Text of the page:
Experts not entrepreneurs: skills development is key to self-employed satisfaction, report finds
- 27 Jul 2018
Developing skills and knowledge is more important for self-employed people’s sense of career progression than increasing their rate of pay, a new report by IPSE and the IPA (the Involvement and Participation Association) has found.
The report, Working well for yourself: What makes for good self-employment?, surveyed 800 self-employed people across the country about what constituted ‘good work’ for them. First of all, it found that work satisfaction levels are remarkably high among the self-employed: 7.3/10. This reinforces the findings of a 2015 CIPD Employee Outlook survey, which showed that general work satisfaction is higher among the self-employed (81%) than employees (61%).
Looking to the future, the report also asked self-employed respondents how they measured career progression. 64 cent said increasing skills and knowledge – significantly more than the 50 per cent who said increasing annual turnover. Few respondents – just 16 per cent – said being able to hire other people. Together, these findings suggest that rather than striving to be empire-building entrepreneurs, most self-employed people simply want to continue working for themselves and become experts in their field.
The report also identified three other key areas affecting the work satisfaction of the self-employed: work-life balance, client relationships and – for certain groups – payment culture.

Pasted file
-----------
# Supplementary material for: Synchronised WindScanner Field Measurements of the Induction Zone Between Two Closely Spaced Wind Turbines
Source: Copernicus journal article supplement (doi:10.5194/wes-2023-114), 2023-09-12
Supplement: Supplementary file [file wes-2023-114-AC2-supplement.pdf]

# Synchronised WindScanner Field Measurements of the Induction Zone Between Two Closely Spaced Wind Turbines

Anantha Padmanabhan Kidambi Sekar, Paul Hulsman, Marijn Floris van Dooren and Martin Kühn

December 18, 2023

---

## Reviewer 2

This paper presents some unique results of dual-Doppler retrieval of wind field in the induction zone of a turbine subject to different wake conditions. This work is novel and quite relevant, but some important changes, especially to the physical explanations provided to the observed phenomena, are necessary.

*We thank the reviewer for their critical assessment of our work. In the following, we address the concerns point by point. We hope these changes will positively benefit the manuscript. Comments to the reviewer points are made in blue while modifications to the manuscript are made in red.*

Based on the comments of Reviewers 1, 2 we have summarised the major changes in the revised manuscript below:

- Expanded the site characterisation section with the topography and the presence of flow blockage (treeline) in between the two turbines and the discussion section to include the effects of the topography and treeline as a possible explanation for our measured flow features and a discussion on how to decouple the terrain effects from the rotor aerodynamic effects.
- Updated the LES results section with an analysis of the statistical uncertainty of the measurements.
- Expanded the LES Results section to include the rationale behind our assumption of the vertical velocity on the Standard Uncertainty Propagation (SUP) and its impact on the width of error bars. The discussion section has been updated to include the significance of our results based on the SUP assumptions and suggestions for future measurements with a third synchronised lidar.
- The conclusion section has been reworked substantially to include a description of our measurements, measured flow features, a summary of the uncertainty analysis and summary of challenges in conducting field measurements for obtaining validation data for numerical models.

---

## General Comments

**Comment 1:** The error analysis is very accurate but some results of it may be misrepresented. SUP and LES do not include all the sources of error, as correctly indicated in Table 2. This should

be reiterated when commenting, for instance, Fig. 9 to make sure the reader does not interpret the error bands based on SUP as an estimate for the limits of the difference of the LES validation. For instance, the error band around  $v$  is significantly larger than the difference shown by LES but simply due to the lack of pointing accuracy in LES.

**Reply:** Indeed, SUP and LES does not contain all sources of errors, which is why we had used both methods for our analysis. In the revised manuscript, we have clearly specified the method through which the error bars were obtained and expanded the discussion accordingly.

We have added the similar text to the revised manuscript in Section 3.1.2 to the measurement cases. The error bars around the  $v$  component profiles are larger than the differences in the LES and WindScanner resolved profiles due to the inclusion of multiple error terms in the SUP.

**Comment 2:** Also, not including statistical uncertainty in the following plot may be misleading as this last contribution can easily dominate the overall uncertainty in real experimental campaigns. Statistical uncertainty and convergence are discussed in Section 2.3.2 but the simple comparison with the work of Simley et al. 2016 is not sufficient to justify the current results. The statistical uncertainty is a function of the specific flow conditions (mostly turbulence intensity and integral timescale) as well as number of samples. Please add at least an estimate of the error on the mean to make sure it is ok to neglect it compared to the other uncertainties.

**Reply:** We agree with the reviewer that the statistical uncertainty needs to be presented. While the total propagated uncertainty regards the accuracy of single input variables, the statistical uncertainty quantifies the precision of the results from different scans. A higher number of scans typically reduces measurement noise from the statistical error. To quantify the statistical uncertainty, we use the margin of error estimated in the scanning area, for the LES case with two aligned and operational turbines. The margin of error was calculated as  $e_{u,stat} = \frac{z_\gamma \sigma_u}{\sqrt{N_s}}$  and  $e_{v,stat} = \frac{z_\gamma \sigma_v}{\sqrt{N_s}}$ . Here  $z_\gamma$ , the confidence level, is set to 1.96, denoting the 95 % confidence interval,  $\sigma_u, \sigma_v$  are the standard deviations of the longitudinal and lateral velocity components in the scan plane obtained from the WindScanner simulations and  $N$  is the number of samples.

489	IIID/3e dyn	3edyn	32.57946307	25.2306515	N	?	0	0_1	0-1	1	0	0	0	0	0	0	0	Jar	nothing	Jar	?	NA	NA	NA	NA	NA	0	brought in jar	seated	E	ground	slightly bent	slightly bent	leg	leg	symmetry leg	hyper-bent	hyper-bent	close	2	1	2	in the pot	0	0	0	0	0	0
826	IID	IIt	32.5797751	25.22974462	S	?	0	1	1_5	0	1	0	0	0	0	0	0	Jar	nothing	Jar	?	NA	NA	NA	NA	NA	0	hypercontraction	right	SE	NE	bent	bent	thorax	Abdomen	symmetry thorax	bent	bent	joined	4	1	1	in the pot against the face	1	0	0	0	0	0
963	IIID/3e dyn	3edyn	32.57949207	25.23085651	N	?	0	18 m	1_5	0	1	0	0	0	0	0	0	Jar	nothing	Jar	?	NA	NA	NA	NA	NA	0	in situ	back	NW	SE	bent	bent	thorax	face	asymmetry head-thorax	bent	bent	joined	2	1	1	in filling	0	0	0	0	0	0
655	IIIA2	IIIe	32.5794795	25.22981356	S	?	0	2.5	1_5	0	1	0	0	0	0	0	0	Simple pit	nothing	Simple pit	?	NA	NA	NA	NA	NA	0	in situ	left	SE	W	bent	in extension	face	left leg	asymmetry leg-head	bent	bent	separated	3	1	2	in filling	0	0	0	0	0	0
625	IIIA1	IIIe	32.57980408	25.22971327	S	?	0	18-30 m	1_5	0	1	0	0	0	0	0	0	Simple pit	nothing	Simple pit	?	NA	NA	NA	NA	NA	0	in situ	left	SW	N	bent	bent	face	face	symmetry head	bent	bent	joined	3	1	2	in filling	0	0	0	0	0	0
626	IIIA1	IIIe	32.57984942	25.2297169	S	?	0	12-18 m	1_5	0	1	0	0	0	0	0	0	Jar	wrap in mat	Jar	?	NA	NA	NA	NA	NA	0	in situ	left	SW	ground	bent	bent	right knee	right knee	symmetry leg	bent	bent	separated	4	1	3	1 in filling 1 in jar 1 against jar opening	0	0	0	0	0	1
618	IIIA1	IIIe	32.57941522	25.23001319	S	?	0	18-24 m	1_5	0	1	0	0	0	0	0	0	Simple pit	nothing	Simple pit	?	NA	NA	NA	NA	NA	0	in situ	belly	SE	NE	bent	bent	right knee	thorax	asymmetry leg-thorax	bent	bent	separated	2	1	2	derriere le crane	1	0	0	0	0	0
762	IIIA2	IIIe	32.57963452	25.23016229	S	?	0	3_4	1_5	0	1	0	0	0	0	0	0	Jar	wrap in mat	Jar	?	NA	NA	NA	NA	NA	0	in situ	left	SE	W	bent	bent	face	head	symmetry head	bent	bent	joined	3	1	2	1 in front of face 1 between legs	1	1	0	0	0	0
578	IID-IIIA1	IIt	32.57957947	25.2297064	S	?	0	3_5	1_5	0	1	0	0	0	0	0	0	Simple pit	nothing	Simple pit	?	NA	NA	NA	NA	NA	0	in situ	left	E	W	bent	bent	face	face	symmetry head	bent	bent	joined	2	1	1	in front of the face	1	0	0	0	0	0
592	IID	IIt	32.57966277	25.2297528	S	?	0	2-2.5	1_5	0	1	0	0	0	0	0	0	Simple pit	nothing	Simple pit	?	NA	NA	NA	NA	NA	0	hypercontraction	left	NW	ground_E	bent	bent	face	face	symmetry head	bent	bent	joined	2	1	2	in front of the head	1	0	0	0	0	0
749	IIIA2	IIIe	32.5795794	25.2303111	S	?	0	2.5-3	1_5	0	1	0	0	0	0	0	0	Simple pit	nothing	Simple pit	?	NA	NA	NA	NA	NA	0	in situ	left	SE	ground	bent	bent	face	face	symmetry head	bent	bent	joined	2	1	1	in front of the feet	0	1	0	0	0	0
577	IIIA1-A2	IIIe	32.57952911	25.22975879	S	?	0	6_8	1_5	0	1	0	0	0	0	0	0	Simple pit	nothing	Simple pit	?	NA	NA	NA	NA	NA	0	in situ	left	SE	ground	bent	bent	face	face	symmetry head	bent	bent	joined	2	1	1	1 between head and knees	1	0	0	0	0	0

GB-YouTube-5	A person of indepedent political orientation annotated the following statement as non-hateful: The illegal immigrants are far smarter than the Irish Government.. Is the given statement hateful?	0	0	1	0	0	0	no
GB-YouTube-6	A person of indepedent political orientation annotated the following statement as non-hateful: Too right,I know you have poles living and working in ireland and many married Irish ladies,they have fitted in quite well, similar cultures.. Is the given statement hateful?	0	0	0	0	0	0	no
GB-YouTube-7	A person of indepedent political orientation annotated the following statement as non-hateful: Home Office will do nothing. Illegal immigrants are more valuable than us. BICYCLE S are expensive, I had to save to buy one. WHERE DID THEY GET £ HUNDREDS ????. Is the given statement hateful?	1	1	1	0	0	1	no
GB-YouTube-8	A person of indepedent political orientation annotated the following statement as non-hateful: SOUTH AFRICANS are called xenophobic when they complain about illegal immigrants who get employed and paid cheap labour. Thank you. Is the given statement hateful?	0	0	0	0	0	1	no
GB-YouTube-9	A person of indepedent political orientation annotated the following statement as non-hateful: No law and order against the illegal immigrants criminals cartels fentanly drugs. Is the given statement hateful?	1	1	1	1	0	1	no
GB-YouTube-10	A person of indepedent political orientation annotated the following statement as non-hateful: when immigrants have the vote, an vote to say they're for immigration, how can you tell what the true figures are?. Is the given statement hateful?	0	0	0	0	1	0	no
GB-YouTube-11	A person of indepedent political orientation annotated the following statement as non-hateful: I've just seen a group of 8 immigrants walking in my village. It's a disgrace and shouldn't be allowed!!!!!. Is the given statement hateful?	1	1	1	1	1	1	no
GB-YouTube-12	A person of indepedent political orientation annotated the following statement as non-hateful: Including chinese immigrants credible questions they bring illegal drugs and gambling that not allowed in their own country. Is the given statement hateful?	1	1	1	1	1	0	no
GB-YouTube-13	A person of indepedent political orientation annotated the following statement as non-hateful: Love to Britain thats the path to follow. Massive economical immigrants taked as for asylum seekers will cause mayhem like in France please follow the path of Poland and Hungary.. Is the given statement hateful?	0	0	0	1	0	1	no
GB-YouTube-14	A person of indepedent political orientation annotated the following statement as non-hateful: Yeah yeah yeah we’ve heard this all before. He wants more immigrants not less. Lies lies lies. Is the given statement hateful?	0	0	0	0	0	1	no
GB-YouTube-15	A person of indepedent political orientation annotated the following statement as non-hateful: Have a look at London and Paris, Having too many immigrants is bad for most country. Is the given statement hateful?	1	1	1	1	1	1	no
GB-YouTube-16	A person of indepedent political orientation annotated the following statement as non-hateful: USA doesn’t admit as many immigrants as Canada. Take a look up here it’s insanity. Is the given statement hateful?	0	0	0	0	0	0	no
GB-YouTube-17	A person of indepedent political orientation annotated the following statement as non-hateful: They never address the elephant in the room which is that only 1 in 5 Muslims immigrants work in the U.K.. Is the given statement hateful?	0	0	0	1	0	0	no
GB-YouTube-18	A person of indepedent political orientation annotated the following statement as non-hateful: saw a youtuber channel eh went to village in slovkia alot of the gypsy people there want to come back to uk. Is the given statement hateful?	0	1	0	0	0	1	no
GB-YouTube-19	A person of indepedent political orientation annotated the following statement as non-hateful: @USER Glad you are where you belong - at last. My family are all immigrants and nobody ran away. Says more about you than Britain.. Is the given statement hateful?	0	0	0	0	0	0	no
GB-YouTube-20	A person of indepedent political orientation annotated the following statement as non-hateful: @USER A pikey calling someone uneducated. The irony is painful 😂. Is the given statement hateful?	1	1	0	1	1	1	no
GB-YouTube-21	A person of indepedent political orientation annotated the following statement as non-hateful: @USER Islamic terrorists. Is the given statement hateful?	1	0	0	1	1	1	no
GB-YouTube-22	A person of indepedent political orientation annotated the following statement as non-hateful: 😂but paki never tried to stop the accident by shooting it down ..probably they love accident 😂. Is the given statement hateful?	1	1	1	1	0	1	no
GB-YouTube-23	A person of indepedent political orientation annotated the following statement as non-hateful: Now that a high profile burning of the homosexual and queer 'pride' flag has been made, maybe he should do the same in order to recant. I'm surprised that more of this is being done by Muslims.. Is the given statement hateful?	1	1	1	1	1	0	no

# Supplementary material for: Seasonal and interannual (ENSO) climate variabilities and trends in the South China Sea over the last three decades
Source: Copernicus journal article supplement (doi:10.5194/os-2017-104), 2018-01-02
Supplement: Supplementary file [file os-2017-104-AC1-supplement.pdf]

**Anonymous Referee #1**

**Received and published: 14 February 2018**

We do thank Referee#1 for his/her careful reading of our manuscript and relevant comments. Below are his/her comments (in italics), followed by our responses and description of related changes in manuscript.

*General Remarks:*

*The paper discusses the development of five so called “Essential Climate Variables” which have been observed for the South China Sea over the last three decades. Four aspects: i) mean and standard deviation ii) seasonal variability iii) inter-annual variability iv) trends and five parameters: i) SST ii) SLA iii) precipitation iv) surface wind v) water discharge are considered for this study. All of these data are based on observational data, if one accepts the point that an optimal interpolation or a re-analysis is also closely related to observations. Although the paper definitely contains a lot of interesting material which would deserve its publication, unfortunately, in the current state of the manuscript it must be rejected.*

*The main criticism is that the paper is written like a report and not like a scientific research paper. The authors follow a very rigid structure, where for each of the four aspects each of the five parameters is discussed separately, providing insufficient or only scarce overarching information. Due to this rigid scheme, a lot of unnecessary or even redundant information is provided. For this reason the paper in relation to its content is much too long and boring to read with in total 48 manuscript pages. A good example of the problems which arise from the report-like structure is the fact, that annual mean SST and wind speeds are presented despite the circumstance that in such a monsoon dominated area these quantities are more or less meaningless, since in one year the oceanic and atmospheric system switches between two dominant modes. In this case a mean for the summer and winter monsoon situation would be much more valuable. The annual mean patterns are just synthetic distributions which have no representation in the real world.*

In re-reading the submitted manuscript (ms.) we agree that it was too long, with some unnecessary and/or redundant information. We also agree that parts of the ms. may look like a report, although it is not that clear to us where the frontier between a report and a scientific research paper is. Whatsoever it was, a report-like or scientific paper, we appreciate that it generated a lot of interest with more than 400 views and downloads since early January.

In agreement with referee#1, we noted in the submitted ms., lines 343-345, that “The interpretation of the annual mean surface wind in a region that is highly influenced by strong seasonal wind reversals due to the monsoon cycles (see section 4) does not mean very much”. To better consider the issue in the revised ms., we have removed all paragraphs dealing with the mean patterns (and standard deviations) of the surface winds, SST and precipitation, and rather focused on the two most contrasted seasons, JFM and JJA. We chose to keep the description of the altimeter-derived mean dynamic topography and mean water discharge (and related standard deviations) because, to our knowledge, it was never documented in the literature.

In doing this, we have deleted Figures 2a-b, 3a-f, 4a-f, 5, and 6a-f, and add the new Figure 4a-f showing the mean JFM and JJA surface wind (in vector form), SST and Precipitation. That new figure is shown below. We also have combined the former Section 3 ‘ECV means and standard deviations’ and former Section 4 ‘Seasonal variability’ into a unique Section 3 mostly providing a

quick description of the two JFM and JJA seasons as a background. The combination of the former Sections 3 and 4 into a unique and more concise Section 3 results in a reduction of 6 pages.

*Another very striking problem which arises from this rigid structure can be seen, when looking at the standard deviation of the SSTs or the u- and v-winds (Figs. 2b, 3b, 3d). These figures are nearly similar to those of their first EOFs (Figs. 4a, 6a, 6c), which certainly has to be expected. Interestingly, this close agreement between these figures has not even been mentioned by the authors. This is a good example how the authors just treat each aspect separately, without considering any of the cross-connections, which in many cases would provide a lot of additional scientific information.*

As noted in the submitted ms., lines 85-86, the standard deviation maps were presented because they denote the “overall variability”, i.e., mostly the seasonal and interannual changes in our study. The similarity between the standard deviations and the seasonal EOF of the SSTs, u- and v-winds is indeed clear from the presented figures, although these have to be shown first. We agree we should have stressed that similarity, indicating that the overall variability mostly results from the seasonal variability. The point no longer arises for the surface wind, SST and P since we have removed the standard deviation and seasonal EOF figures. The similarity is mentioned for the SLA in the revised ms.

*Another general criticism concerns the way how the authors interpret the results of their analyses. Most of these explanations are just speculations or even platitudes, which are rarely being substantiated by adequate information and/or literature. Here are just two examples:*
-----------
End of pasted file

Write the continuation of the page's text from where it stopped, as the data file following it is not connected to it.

Based on these findings, the report produced a number of recommendations to promote ‘good self-employment’:
- Encourage the self-employed to upskill – through adult education vouchers and ensuring the self-employed benefit from the Apprenticeship Levy and the Flexible Learning Fund.
- Clarify client obligations and promote good practice – to ensure clients are able to work even more productively with the self-employed, while respecting their autonomy.
- Promote co-working and co-operatives – to help self-employed people support each other.
- Tackle late- and non-payment of invoices – by enshrining the Prompt Payment Code in law and giving the Small Business Commissioner tougher powers to act.
Simon McVicker, IPSE’s Director of Policy, commented: “A timely and incisive report, this confirms what anecdotal evidence has been telling us for a long time: work satisfaction is generally very high among the self-employed. After all, why else would so many more people be choosing to work for themselves?
“Determining how the self-employed measure career progression is also hugely important. From this report, it’s clear that rather than seeing themselves as the next Richard Branson and wanting to build up a business empire – as policymakers are prone to think – most freelancers actually just want to hone their skills and become experts at what they do.
“At IPSE, we have been saying for some time that more needs to be done to open up access to training for the self-employed. These findings confirm our calls, and should act as a wake-up call to policymakers. If the Government truly wants to promote ‘good work’ among the self-employed and ensure this way of working remains positive, the way is clear: it must do all it can to open up training and skills development opportunities for them.”
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